"It's baffling," he says, "but I hit a streak where I felt that I had such a positive, driving force at work that I simply couldn't be beaten on a pass. I think I had four or five shutouts in there."
In the first playoff game Houston's Kenny Stabler tested Hayes six times and completed three passes, but Hayes intercepted two and ran one back 20 yards for a touchdown. Hayes also sacked Stabler twice on blitzes. Cleveland's Brian Sipe tried him five times, completing one—an 18-yarder to Reggie Rucker. Hayes picked off another two. The San Diego Chargers were a different story. Jefferson had beaten Hayes for two touchdowns in their first meeting of the season; there would be no fear here. But in the AFC title game in San Diego, Dan Fouts threw 17 times against Dwayne O'Steen's coverage on the other side, and only five against Hayes's. All five went to Jefferson. One was completed. On another, Hayes got his fifth postseason interception. The other three fell incomplete. Hayes's interception streak ended in the Super Bowl. Eight Philadelphia passes went his way, and three were completed.
A week later in the Pro Bowl in Hawaii, Hayes turned in one of the most remarkable cornerback performances in history. Ron Jaworski and Steve Bartkowski tried him 11 times. Only one pass was completed, a 15-yarder to Alfred Jenkins on third-and-22. Hayes also had one interception. His postseason report card: nine of 35 passes completed, no touchdowns, six interceptions. Pro Bowl included, for the season he had 19 interceptions; some cornerbacks don't pick off that many in a career.
The Raiders are flying to Detroit to play the Lions (they lost last Sunday 16-0 to make their record 2-2), and Hayes is sprawled in a window seat, watching the Rocky Mountains turn into the Great Plains. His shirt is light across his chest, his pants strain against his formidable thighs. Davis says the first thing he noticed about Hayes in college was his "raw power, his explosion," and yes, Hayes does give off a feeling of intense energy. There are two kinds of cornerbacks playing in the NFL, the smooth and graceful instinctive pass coverers, like the Washington Redskins' Lemar Parrish, and the physical types, who can be little, like the Rams' Pat Thomas, or big, like Hayes and the Steelers' Mel Blount. In Hayes's first two years at Texas A&M he was a 220-pound linebacker, but the Raiders melted him down to 205. The bump became his trademark. Not a push, not a timid brush by a defender who would prefer a safer style, but a meaningful bump, the Riddell technique. It's flirting with disaster. Miss your bump and you're chasing feet. It takes an unnatural amount of confidence to be a true bump-and-run cornerback. Plus pride. Tremendous pride is another of Hayes's trademarks, but now, in the fourth week of the 1981 season, that pride is being questioned by something Willie Brown has said.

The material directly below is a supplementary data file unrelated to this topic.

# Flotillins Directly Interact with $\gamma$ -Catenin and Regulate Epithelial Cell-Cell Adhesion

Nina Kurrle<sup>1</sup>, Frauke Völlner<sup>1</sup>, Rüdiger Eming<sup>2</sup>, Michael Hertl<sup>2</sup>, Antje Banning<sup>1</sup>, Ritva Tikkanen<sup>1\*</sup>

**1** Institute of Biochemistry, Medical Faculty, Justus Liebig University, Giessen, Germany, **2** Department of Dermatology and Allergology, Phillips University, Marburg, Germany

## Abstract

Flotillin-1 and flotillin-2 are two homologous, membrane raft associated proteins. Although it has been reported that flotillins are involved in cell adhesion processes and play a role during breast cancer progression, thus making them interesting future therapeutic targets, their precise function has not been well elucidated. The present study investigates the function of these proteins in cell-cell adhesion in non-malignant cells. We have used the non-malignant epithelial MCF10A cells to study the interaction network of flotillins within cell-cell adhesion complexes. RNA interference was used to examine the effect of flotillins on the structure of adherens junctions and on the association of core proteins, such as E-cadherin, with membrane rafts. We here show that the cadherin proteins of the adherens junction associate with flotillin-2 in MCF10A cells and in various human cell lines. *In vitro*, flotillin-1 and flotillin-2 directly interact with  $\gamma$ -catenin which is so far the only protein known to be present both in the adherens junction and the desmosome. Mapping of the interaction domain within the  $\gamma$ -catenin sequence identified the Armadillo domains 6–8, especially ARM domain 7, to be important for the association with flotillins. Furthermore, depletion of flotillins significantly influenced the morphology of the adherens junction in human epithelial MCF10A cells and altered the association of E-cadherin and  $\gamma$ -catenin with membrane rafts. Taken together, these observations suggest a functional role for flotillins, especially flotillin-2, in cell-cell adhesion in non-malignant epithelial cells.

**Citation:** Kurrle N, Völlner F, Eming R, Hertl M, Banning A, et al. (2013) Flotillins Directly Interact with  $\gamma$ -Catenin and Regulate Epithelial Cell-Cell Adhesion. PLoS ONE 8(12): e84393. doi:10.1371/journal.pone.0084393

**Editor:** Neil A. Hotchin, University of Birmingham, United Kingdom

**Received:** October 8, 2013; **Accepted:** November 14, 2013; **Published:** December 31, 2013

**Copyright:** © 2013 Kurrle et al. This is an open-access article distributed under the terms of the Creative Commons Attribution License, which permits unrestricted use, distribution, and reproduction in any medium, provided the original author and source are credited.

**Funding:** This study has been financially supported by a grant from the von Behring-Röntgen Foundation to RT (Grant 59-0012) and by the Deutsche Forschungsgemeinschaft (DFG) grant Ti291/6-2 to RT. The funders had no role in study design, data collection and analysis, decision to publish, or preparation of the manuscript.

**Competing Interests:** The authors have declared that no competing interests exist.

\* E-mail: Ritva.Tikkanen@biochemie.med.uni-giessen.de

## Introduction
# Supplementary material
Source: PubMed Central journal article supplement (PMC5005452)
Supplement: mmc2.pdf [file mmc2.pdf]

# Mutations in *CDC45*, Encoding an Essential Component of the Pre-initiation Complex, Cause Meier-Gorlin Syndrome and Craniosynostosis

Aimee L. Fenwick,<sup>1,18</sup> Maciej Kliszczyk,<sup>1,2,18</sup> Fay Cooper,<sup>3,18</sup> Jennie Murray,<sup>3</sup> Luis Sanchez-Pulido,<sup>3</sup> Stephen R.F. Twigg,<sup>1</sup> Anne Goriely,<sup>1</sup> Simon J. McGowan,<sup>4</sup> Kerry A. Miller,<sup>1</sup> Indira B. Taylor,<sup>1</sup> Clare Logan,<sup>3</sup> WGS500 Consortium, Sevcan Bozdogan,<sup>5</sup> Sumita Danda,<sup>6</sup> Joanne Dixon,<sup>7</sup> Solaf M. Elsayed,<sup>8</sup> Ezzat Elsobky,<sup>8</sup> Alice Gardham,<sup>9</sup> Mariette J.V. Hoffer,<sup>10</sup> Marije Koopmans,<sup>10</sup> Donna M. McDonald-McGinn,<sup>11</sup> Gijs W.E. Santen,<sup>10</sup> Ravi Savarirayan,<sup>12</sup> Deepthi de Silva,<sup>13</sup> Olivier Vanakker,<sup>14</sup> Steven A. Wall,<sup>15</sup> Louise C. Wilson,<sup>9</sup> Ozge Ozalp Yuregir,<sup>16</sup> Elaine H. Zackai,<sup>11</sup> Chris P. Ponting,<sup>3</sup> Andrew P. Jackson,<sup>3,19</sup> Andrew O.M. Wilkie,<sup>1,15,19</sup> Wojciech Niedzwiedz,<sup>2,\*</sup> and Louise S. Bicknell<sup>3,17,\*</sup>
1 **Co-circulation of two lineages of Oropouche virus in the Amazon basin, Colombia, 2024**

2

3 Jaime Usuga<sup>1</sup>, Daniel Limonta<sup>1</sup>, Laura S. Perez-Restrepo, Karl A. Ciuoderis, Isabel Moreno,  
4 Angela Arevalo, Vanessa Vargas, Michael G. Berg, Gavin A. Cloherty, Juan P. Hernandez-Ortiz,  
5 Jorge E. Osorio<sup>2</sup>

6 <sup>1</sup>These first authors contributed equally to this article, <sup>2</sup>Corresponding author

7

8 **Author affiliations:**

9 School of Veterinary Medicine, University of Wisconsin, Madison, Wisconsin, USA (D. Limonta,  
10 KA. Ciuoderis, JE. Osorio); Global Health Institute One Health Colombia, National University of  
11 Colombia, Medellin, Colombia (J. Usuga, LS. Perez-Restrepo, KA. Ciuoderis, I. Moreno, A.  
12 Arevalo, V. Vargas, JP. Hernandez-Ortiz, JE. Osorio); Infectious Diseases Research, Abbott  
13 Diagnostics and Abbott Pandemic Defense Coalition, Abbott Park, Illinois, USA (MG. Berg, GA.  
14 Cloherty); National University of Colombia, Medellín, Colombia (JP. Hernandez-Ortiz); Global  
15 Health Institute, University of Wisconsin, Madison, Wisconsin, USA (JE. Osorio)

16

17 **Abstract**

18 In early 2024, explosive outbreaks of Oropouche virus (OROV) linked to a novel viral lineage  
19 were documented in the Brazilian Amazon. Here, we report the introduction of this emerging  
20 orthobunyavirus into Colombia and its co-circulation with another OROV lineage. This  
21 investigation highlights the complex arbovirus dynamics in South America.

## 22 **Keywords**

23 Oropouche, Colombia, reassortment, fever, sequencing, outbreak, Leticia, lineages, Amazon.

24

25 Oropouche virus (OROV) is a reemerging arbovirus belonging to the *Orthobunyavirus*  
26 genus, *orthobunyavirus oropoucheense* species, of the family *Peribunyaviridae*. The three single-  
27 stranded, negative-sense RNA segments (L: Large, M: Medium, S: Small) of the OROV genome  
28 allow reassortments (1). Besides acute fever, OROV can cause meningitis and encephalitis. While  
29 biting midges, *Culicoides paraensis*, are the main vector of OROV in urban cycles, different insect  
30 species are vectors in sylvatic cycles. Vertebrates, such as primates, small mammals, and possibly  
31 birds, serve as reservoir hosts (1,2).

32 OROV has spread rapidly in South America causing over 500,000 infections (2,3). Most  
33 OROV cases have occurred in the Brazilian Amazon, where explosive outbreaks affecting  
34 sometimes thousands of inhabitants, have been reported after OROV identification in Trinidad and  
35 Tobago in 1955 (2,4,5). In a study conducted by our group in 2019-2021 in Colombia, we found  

Brown, one of the great cornerbacks in NFL history, works with the Oakland defensive backs, and he has been asked about Hayes's slow start. Lester had no interceptions in the first three games. In Minnesota the Vikings' Sammy White beat him on a non-scoring 44-yarder. What's the problem?
"He's forgotten about how hard he worked last year," Brown said, choosing his words carefully. "He's forgetting about what it takes to be a good cornerback. The concentration he had last year—well, it wasn't there in that game in Minnesota. He's doing things now that he wasn't doing last year. He's turning the wrong way, not concentrating on the receiver. He's being lackadaisical. He's not giving the respect to the receiver that he should. He doesn't think the ball's going to be thrown on him; he thinks it'll go somewhere else, and the next thing he knows it's thrown to his man and he has to bust a gut to get over in time."
The words might be a bit of a psychological spur. The old psych game is very big in Pride and Poise country, but whatever the words are, they have had the desired effect on Hayes. He is bristling.
" Willie Brown said that?" he says. "He said I'm showing a lack of concentration? Look, I know what the problem is and I'm living to correct it. It's a matter of technique, a wrong step. It's a matter of my stance, being cocked at an inside angle a smidgen too much. You know, you make All-Pro and it's almost like you're a marked man. Teams are homing in on every wrong step I make. I've never seen that before.
"But look at the three-game ratio compared to last year. Last year after three games I'd gotten three interceptions and been beaten for three touchdowns, two by Jefferson, one by Ricky Thompson of Washington. This year I have zero interceptions, but they've scored zero TDs on me. It's very easy to talk concentration from a coach's standpoint. It's an old clich�: If an All-Pro gets beaten, it's always lack of concentration or lack of fundamentals. Some people think I never should be beaten. Look, I live off HO and breathe the same air other poor mortals breathe. Every now and then it's going to happen that I get beaten on a pass. But as far as lack of concentration—that's a true falsehood." (Two days later against Detroit, Hayes will intercept his first pass and almost a second.)
Hayes stares out the plane window for a minute. Things still aren't settled.